Once the entries for the files have been removed from the fiesystem, they cannot be recreated. If you create a new directory with the name of the old directory, it's just that: a new directory. The files don't magically appear again.
Unix (including linux) filesystems work by having inodes that contain all the information about a file, except its name. In directories entries are made with a name and an inode number, this is the only coupling of the name with its contents. It's possible to create another link to the file using
ln, with a completely different filename.
When a file is deleted, its reference count is reduced. Once that reaches zero, the file is actually deleted (the space it takes up is returned to the free block pool, and the inode is cleared). However, as long as a process still has the file open, the reference count doesn't reach zero, the file is still in existence.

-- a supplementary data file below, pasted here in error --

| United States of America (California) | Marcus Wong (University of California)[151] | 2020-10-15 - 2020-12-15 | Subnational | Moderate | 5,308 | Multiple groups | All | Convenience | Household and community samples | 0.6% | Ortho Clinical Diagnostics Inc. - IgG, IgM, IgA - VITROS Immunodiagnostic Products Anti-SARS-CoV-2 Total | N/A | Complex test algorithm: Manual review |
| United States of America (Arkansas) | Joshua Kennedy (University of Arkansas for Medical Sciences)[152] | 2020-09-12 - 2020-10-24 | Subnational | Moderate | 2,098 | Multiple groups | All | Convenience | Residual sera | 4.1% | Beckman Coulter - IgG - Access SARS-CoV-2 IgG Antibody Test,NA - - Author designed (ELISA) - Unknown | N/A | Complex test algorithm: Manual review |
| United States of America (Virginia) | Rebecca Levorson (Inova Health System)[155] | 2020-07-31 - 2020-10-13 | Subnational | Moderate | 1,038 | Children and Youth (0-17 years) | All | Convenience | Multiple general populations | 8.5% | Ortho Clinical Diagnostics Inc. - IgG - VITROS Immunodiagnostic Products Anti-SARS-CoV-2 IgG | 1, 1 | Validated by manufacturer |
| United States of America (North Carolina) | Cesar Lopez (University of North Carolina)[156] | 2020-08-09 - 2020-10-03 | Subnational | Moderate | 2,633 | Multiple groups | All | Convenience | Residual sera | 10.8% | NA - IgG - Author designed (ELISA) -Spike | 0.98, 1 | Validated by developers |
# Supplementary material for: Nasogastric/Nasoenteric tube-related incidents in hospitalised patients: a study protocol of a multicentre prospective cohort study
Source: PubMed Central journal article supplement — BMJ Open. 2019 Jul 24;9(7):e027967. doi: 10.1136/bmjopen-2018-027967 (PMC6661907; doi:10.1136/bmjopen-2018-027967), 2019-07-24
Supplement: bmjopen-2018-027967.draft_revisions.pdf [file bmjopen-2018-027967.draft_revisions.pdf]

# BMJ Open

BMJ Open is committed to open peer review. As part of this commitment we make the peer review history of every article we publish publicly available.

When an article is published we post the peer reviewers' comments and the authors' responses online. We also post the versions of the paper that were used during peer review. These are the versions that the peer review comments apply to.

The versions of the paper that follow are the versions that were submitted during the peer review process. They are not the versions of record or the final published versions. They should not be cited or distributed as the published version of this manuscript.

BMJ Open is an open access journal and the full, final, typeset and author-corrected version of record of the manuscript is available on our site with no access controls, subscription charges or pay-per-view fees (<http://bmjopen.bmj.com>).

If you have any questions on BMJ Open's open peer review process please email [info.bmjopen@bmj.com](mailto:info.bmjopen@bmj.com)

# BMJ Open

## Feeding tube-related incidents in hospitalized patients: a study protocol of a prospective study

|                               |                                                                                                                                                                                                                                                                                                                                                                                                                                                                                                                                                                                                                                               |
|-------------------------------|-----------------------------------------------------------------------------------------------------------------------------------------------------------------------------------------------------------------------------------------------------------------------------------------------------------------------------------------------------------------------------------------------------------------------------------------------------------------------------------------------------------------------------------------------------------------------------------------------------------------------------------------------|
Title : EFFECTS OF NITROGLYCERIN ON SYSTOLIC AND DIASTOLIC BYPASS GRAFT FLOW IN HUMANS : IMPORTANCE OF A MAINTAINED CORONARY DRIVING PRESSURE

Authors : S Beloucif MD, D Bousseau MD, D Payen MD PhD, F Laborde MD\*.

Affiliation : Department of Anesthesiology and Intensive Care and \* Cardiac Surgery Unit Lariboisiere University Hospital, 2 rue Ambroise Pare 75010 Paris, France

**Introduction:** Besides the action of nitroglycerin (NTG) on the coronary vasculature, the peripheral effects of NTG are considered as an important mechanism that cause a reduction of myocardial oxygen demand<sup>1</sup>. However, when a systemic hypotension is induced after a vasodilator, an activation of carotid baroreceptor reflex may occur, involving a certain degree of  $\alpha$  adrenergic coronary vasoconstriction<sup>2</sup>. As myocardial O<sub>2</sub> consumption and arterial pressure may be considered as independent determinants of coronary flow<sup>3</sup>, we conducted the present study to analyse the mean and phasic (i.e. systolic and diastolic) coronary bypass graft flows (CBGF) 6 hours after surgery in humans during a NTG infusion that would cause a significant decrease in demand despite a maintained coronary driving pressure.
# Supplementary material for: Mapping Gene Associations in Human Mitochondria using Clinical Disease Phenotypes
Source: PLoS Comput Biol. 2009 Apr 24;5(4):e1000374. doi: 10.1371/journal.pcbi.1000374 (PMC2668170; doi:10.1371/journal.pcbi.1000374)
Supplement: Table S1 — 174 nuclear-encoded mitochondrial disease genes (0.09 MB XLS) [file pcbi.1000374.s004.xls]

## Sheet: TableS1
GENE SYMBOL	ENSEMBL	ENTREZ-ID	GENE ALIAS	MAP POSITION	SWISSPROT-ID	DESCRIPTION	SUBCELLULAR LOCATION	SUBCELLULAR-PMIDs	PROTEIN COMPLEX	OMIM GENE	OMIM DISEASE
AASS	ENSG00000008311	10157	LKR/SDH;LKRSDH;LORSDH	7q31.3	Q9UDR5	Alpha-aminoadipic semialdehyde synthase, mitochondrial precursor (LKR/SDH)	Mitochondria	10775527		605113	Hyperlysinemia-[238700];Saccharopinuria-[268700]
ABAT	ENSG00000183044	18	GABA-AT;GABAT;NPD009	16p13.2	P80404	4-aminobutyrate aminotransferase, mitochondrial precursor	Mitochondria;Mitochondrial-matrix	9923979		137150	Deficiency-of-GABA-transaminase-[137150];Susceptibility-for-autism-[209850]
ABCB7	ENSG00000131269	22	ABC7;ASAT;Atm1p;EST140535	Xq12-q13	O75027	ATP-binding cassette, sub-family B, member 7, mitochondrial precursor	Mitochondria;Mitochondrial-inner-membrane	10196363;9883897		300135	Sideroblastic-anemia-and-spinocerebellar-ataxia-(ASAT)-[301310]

Linux makes the files opened by a process available through the
/proc/ pseudo filesystem. If you know the process ID (pid) of the process, look in /proc/pid/fd/ for a list of files opened. E.g. for an
apache process, here's an abbreviated list:
$ sudo ls -l /proc/32704/fd
lr-x------ 1 root root 64 Nov 20 02:39 0 -> /dev/null
l-wx------ 1 root root 64 Nov 20 02:39 1 -> /dev/null
lr-x------ 1 root root 64 Nov 20 02:39 10 -> /dev/random
lrwx------ 1 root root 64 Nov 20 02:39 11 -> /tmp/.ZendSem.6DE1g1 (deleted)
lrwx------ 1 root root 64 Nov 20 02:39 12 -> anon_inode:[eventpoll]
l-wx------ 1 root root 64 Nov 20 02:39 2 -> /var/log/apache2/error.log
Note the line with
(deleted) appended to it. Apache uses that for a temporary file that can't be accessed by others: it creates and opens the file, and then unlinks (removed) it. However it can still use it, and apache's child processes can also use it as they inherit open files.
In your case you should also be able to find the deleted files. Via the /proc entries you can copy the "deleted" files to somewhere safe as long as the process is running:
sudo cp /proc/pid/fd/x $HOME/somewheresafe/filename